By Anthony Vile, Technical Lead - Urban Design
Despite the many uncertainties of 2020, our new Labour-led government remains committed to building resilience in housing supply and providing infrastructure to enable the market to meet demand. For HG’s clients involved in public and private development, this means looking to the future with some real optimism. In the article below, we look at the key government ministers impacting urban development, and changes in urban design.
Who's who - Labour's Ministers influencing urban design and development
- As Minister of Housing, Minister of Energy and Resources, and Minister of Research, Science and Innovation, the Hon Dr Megan Woods looks set to influence the way our cities develop in the future, and hopefully for the better.
- The Hon Grant Robertson (Deputy Prime Minister and Finance Minister) is also now the Minister for Infrastructure. This is likely to be a good thing for implementing key urban design and development policy and it suggests that some key infrastructure projects may be about to get more focused attention.
- With no minister charged with urban development, the RMA review is in the hands of the Hon David Parker with associate ministers to call on, including Phil Twyford, who may be best placed to understand the urban development space and contribute to reform.
- The Hon Michael Wood's profile will be raised as the new Minister of Transport. With roots in Auckland and a history of local board involvement, he could soon become a surrogate ‘Minister of Auckland Issues’. The potential resurrection of light rail and accompanying brown field development will be worth keeping an eye on. We also hope to see a more tactical approach to transportation design as the Waka Kotahi NZTA Innovating Streets Programme becomes more mainstream.
- The appointment of the Hon James Shaw as New Zealand’s first-ever Minister for Climate Change will ensure that the Green Party has a strong voice in government across multiple ministries.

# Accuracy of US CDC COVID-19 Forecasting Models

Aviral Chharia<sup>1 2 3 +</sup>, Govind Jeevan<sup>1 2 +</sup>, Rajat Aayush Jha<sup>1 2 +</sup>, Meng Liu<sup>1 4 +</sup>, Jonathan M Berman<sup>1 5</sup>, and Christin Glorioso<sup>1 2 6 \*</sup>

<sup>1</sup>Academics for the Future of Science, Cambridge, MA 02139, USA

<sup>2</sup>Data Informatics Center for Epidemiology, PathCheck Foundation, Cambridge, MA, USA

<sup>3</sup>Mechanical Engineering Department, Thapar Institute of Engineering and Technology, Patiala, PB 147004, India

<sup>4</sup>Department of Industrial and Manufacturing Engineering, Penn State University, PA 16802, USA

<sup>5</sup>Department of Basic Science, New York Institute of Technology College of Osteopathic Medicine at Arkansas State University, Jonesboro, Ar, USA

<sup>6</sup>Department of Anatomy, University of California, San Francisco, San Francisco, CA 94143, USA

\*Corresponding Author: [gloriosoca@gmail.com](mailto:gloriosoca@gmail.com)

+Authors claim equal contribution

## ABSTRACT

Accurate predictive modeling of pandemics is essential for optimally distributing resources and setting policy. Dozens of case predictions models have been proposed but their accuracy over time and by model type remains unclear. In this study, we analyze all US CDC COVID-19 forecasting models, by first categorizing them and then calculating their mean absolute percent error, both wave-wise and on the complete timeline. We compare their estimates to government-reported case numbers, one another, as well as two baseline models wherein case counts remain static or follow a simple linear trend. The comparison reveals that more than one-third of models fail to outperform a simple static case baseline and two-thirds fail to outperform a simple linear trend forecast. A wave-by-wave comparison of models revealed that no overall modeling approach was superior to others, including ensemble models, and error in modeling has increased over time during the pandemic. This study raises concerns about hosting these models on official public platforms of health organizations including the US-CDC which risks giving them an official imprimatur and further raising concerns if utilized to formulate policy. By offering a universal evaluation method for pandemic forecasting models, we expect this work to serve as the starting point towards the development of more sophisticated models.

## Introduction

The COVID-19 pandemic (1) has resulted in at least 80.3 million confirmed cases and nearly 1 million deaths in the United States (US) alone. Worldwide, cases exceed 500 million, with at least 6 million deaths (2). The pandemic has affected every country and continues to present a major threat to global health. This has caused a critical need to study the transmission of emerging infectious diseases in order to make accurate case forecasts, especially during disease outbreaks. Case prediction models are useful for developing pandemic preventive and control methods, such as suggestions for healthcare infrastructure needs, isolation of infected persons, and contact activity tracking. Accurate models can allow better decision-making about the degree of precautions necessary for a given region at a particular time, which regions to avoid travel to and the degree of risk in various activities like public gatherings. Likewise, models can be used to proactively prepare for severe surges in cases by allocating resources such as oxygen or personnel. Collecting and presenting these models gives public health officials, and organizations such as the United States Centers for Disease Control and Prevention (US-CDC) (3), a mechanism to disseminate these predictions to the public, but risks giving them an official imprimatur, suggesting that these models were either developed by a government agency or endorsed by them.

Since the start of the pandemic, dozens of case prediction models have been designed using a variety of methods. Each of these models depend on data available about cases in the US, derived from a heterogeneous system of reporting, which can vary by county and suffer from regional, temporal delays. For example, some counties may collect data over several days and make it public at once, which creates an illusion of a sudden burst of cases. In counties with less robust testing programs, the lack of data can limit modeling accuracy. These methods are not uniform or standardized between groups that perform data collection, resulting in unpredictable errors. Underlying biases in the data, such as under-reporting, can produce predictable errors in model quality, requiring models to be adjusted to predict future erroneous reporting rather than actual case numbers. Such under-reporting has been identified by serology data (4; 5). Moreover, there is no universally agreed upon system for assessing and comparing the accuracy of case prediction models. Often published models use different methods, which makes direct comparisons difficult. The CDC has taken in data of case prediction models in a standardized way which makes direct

Also of note is Chloe Swarbrick's win in Central Auckland. It will be interesting to see how she manages the relationship with Auckland Council to deliver development at speed while maintaining Green policy initiatives.
The regulatory environment is shifting, with the RMA under review and the building code highlighted as an opportunity for meeting more stringent sustainability requirements.
However, we do not expect these shifts to be at the expense of urban design quality or environmental outcomes.
Recent National Policy Statements and legislation support ongoing trends towards climate change action, along with consideration of urban development, productivity and innovation as critical aspects of city building.
The compact city
Covid-19 has highlighted the need for high quality housing and the importance of access to the public realm. The compact city is not going away despite some initial post-Covid contrary reactions to the idea of density. Density done well is what we consider to be the ongoing mantra, with some additional flexibility in housing design being driven by market demand post-lockdown. This means that design-led thinking, place-making and integrated development models will be increasingly in demand.
For example, in Auckland, where the Unitary Plan is already 10 years old, the shift from the single house model to acceptance and delivery of multi-unit residential typologies is already well underway. Similar trends are emerging in other cities. The graph below shows a steep climb in multi-unit housing product nationally post a monthly low of 937 in May 2012 to a high of 10,062 in August 2020 and showing no sign of abating.
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